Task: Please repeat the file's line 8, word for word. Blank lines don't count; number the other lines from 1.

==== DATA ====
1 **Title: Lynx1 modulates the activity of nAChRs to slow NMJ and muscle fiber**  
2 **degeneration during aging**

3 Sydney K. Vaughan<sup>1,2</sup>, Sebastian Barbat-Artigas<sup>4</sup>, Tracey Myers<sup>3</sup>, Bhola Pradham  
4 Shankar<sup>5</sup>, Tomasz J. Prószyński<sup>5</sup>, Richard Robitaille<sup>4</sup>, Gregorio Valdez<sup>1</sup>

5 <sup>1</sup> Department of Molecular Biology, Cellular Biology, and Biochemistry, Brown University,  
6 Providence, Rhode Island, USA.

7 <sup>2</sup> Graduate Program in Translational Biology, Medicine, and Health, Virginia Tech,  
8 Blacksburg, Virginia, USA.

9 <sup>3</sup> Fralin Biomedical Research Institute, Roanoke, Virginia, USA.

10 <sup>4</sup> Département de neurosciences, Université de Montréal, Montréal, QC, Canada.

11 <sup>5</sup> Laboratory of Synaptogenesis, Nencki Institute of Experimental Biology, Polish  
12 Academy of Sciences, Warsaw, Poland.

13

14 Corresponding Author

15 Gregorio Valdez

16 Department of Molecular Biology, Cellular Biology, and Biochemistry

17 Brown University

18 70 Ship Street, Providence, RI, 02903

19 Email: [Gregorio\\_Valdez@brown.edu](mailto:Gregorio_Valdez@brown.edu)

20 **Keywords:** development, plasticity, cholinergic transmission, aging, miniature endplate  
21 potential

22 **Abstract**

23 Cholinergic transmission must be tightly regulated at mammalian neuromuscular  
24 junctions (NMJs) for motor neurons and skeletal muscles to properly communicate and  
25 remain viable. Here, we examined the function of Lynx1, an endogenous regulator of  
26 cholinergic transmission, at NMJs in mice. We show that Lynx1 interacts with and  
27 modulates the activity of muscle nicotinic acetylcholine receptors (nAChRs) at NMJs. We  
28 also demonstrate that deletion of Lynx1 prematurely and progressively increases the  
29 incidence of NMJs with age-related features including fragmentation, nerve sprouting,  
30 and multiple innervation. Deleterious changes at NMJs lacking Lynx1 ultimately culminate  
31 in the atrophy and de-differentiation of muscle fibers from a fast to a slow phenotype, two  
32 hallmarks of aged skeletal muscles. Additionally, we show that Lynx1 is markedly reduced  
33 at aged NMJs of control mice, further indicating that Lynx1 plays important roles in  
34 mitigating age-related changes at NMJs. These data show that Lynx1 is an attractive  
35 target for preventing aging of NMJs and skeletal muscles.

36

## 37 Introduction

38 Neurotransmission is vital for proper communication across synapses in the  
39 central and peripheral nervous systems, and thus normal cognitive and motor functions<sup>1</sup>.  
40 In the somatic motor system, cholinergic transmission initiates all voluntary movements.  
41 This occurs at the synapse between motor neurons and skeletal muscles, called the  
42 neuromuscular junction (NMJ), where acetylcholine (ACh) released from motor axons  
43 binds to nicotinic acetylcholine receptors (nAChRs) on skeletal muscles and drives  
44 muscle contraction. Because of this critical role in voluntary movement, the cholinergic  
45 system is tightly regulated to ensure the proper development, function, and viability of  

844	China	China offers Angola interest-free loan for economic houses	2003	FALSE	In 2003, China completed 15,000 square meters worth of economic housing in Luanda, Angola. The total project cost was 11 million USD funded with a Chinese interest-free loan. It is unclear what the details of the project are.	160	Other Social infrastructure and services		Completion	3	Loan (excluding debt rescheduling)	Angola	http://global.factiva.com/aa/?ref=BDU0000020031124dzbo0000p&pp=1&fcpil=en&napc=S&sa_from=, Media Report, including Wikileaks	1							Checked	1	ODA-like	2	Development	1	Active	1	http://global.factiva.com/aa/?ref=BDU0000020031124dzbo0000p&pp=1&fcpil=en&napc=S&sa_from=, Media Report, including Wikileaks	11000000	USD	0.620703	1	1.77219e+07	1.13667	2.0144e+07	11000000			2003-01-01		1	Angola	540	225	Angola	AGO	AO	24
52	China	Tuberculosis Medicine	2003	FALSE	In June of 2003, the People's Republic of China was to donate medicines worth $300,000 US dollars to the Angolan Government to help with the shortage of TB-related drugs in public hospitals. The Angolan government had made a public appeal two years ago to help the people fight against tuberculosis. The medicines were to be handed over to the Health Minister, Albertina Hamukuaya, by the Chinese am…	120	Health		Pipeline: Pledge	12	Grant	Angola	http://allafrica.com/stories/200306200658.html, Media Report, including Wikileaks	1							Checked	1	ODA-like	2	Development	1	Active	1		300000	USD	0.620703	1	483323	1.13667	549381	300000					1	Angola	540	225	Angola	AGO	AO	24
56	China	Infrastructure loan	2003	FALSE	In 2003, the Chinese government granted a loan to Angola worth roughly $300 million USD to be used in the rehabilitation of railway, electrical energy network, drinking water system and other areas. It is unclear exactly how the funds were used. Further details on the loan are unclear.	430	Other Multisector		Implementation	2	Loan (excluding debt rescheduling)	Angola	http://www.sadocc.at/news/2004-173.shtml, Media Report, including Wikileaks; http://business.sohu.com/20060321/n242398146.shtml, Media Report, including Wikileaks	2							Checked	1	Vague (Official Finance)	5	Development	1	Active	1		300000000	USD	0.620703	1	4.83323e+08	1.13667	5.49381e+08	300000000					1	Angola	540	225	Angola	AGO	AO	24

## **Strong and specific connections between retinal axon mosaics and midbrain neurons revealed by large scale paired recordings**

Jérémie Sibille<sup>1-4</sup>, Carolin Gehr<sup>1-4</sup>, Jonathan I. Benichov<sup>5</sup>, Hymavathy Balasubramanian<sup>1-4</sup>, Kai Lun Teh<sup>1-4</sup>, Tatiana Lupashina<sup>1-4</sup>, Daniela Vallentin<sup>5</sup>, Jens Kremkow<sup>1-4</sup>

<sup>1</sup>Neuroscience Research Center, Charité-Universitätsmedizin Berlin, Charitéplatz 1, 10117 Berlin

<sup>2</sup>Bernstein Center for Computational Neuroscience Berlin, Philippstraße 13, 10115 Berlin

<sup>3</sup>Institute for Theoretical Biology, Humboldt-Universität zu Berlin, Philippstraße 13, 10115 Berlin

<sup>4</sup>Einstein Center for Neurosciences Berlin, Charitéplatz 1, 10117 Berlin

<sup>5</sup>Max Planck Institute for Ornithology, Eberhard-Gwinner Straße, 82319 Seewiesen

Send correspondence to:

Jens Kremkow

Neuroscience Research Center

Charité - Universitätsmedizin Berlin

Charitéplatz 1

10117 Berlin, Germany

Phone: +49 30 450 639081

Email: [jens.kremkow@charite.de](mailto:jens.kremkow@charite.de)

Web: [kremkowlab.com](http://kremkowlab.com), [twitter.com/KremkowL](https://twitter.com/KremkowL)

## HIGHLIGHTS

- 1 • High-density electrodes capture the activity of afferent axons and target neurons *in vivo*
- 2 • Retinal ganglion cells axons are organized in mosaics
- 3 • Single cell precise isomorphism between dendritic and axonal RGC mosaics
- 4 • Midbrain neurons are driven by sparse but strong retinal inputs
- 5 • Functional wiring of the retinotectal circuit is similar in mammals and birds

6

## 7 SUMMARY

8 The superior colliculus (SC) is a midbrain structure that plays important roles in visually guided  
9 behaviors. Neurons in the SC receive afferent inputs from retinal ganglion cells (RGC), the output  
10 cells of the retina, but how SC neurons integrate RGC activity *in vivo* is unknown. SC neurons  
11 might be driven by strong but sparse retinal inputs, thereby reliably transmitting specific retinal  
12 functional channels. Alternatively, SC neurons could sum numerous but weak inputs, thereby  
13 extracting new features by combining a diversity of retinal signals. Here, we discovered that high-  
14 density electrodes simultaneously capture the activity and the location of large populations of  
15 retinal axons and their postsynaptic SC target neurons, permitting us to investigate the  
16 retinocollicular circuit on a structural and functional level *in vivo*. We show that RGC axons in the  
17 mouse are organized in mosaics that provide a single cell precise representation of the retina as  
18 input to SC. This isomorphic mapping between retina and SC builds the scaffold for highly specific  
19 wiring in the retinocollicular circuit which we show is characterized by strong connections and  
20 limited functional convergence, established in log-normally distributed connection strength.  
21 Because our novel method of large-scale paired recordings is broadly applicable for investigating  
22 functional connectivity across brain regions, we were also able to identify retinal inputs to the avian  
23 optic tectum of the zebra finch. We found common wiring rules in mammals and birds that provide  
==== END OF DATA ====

8 Blacksburg, Virginia, USA.